I used to experiment and supplement with individual B vitamins but I’ve now settled on taking just one B complex as needed. I take this one. It contains the bioactive forms of all the B vitamins. You can get it through Amazon or iHerb.

  1. Reduce Exposure to Electromagnetic Fields (EMFs)

“I have no doubt in my mind that, at the present time, the greatest polluting element in the Earth’s environment is the proliferation of electromagnetic fields.” – Dr. Robert Becker, Nobel Prize nominee and author of The Body Electric: Electromagnetism And The Foundation Of Life

You won’t hear many people talk about this but it needs to be acknowledged.

An increasing amount of research is showing that electromagnetic frequencies emitted from Wi-Fi, laptops, and cellphones can negatively affect the brain and produce widespread neuropsychiatric effects including depression .

EMFs - Dr. David JensenIt’s an inconvenient truth that needs to be talked about, rather than downplayed, ignored and dismissed.

Some people are more sensitive to them than others. I’m one of them.

Two environmental doctors have told me that I’m sensitive to environmental radiation, and some of my symptoms can be traced back to EMF hypersensitivity. It’s likely why I benefited so much from neurofeedbackas EMFs can affect brainwaves.

I suspect a lot of people are dealing with the same problem.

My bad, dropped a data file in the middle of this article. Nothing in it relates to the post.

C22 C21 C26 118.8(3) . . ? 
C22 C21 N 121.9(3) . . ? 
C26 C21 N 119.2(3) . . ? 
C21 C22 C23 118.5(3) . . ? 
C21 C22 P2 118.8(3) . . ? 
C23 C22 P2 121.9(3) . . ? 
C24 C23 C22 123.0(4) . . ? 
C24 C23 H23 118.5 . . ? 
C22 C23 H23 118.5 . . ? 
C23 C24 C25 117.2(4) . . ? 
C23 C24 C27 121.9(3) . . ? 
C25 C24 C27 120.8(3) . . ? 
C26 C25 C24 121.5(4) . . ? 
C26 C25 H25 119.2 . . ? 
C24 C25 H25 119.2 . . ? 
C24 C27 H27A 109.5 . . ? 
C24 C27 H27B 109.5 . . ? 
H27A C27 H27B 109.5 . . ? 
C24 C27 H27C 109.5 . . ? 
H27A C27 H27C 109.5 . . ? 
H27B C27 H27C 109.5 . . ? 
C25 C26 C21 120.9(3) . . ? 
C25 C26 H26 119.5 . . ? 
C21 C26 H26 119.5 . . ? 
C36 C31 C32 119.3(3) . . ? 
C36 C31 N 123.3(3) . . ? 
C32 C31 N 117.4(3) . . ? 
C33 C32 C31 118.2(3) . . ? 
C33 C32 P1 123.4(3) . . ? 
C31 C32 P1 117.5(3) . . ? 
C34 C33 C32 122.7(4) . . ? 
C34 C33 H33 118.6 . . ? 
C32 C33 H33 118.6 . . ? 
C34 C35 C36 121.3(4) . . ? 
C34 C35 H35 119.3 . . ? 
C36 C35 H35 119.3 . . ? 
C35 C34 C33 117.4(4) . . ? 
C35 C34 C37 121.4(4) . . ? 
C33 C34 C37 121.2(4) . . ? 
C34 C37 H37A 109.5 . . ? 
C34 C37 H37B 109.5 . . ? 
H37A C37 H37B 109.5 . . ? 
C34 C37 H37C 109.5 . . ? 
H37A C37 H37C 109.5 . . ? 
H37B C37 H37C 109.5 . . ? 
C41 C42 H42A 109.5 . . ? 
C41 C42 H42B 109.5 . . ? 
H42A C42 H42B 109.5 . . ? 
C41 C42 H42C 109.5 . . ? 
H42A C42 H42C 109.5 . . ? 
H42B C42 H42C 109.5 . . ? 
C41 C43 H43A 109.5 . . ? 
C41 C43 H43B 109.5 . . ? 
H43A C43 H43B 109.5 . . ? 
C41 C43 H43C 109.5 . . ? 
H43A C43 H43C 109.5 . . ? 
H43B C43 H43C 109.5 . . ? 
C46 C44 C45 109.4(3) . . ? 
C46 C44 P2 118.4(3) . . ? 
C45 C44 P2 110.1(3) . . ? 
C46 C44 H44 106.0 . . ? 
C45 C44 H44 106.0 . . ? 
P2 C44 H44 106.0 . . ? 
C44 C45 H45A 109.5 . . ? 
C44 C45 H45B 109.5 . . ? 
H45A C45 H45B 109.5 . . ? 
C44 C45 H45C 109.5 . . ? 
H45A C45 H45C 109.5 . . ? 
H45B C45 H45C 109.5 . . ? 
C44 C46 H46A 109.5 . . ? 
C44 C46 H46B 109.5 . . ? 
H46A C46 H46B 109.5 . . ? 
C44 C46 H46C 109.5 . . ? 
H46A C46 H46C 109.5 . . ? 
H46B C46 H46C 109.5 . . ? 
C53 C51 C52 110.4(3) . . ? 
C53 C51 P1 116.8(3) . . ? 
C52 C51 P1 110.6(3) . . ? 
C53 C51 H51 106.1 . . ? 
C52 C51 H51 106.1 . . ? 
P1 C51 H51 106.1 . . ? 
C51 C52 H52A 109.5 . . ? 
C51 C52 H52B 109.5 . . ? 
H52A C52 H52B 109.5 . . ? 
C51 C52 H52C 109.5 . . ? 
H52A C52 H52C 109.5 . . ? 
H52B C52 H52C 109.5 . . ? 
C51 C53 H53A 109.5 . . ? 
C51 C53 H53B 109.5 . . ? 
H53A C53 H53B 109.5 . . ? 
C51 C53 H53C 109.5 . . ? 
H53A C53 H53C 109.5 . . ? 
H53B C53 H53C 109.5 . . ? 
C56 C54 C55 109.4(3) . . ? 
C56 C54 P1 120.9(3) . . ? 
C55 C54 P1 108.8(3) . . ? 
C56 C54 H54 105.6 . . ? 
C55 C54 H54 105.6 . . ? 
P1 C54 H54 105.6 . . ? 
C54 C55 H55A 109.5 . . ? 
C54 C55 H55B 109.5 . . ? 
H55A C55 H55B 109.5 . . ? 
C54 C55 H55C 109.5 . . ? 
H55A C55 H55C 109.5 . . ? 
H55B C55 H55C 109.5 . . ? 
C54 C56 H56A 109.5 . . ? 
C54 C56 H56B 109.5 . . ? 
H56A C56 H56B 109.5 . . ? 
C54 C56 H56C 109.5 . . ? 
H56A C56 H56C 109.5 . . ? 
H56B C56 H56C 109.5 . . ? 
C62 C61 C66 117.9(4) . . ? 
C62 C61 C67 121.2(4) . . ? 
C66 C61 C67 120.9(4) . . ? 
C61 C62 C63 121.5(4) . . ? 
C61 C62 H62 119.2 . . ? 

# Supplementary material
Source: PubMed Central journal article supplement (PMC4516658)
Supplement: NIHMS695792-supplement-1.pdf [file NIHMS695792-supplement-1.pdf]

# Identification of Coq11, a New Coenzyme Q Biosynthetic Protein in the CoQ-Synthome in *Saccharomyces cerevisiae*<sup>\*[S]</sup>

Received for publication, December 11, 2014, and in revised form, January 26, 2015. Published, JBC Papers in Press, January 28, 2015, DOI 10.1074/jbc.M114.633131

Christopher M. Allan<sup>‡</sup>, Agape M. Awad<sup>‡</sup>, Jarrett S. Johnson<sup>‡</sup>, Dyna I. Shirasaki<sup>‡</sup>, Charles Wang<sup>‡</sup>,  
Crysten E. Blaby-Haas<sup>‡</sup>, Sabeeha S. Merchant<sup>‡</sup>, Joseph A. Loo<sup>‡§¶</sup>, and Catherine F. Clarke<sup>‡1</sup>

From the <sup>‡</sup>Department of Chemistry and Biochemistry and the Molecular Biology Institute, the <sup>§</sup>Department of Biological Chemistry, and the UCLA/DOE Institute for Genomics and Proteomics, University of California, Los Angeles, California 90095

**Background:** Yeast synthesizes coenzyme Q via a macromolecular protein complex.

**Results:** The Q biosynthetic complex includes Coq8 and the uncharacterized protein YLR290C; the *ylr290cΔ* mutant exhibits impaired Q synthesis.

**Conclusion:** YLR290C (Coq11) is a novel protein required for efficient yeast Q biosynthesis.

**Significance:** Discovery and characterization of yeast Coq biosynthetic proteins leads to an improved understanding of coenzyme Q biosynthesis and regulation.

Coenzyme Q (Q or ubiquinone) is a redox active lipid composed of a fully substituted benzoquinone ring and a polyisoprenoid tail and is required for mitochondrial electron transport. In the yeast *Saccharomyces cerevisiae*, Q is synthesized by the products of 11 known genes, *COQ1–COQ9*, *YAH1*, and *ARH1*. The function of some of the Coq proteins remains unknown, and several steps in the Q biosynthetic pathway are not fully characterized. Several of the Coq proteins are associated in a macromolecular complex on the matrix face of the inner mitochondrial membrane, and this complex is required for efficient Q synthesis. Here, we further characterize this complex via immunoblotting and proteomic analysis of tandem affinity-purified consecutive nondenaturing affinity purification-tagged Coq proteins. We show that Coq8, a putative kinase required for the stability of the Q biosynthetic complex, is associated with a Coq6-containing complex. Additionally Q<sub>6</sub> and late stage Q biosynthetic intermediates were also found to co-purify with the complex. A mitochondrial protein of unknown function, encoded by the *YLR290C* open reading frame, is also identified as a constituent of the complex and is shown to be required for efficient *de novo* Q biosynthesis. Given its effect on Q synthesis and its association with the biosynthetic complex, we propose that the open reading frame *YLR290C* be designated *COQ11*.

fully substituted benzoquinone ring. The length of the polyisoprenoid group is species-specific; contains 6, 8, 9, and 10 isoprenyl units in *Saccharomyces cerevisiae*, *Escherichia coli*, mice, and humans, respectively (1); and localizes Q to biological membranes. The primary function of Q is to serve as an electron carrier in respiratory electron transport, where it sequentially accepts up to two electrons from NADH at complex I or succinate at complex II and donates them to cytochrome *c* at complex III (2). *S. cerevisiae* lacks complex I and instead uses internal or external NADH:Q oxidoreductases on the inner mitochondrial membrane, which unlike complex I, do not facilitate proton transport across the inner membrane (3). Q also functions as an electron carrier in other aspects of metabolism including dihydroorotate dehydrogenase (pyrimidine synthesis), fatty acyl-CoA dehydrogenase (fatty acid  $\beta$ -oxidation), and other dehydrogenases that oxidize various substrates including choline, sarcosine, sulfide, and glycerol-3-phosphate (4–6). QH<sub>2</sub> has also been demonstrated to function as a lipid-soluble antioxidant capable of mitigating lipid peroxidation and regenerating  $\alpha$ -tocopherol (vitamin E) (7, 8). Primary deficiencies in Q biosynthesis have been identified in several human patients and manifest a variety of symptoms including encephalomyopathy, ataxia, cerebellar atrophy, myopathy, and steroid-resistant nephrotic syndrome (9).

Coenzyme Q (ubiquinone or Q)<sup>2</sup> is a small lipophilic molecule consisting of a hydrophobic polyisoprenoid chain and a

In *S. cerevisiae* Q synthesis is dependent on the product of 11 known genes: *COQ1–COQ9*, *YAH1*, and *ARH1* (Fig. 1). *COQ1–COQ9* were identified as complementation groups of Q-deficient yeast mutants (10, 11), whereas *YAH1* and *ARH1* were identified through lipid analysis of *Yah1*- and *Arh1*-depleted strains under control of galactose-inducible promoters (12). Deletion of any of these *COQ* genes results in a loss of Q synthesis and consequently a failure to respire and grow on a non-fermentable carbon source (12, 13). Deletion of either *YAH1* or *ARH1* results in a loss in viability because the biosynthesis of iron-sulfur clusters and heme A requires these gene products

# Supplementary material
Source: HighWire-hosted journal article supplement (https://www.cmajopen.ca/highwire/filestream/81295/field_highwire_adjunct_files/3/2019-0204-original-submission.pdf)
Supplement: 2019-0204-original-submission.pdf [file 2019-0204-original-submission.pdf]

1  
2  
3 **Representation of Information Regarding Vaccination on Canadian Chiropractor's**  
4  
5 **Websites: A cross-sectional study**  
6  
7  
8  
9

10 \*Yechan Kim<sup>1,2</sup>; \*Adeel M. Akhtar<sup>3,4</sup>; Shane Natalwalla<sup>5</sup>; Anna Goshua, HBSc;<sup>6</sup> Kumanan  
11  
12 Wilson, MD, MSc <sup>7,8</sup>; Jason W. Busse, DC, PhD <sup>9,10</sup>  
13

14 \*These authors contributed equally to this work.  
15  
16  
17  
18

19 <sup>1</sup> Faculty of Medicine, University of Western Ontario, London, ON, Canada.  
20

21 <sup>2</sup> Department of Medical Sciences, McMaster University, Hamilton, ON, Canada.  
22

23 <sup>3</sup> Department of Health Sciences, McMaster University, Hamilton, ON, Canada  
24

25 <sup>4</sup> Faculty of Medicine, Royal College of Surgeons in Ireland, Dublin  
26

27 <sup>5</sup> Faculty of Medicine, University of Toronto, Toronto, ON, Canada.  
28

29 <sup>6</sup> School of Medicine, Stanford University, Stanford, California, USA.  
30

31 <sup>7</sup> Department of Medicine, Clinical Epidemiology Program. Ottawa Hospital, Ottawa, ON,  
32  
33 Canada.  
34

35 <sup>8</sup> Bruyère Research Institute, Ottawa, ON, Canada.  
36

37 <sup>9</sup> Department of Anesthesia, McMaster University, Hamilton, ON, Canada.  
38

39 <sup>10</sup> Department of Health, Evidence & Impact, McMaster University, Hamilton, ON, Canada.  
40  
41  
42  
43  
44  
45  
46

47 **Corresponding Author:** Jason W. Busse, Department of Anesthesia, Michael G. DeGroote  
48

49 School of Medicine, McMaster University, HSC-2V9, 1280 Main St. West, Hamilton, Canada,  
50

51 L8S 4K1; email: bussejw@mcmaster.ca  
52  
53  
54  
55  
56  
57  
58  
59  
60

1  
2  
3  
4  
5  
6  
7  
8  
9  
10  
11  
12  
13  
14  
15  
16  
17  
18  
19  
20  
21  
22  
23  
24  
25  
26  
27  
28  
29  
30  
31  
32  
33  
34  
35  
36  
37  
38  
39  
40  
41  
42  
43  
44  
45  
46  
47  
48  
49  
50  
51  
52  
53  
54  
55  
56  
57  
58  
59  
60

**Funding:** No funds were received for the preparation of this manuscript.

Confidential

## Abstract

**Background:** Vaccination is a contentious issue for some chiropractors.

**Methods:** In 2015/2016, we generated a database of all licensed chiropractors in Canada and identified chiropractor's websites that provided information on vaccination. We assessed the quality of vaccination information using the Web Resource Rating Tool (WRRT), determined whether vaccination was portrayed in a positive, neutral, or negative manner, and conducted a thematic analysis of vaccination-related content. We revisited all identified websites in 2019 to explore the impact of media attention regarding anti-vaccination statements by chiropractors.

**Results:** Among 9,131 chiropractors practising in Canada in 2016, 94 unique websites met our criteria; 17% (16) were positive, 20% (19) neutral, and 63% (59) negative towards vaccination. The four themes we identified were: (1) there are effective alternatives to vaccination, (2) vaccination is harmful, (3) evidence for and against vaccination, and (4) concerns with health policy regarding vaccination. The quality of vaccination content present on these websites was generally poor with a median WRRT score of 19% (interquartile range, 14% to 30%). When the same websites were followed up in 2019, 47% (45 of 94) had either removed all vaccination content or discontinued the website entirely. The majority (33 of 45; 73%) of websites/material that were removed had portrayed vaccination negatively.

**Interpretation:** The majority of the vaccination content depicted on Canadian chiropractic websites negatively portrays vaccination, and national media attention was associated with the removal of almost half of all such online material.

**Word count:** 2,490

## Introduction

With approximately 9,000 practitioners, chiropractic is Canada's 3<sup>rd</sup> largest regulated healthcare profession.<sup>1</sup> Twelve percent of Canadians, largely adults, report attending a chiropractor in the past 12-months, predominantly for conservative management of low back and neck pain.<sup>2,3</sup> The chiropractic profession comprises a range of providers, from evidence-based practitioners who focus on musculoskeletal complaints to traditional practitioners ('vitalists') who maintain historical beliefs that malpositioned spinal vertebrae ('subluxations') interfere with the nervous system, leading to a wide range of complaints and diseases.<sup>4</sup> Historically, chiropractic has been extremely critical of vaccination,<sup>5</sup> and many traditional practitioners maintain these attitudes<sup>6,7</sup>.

This research paper explains that there is an association between EMF exposure and myelin deterioration, which may account for many of the symptoms that people with EMF hypersensitivity experience.

So if you’re trying to rebuild myelin, it’s a good idea to limit your exposure to EMFs.

How do you that?

I’m still learning about how to manage and combat them, but here are some initial steps you can take:

  • Get an EMF meter to determine your exposure. I use the Cornet ED88T. It’s the best option that is currently available. It measures electric, magnetic and radiofrequency fields. It’s like having three meters in one. You can get it here.
  • Turn off your phone when you’re not using it.
  • Turn off Wi-Fi at night while you’re sleeping.
  • If you have a laptop, don’t touch it. Use a wired keyboard and wired mouse instead.
  • Supplement with the herb Rhodiola. It has radioprotective effects. I take this one, and previously wrote about it here.

This is just the tip of the iceberg. There are many other steps you can take, and I plan on writing more about this soon because it isn’t discussed enough.

This may seem like “woo-woo” but it’s a real issue. And I suspect it will eventually become one of the biggest issues of our time.

This article was condensed from “Optimal Living Dynamics” for Dr. David Jensen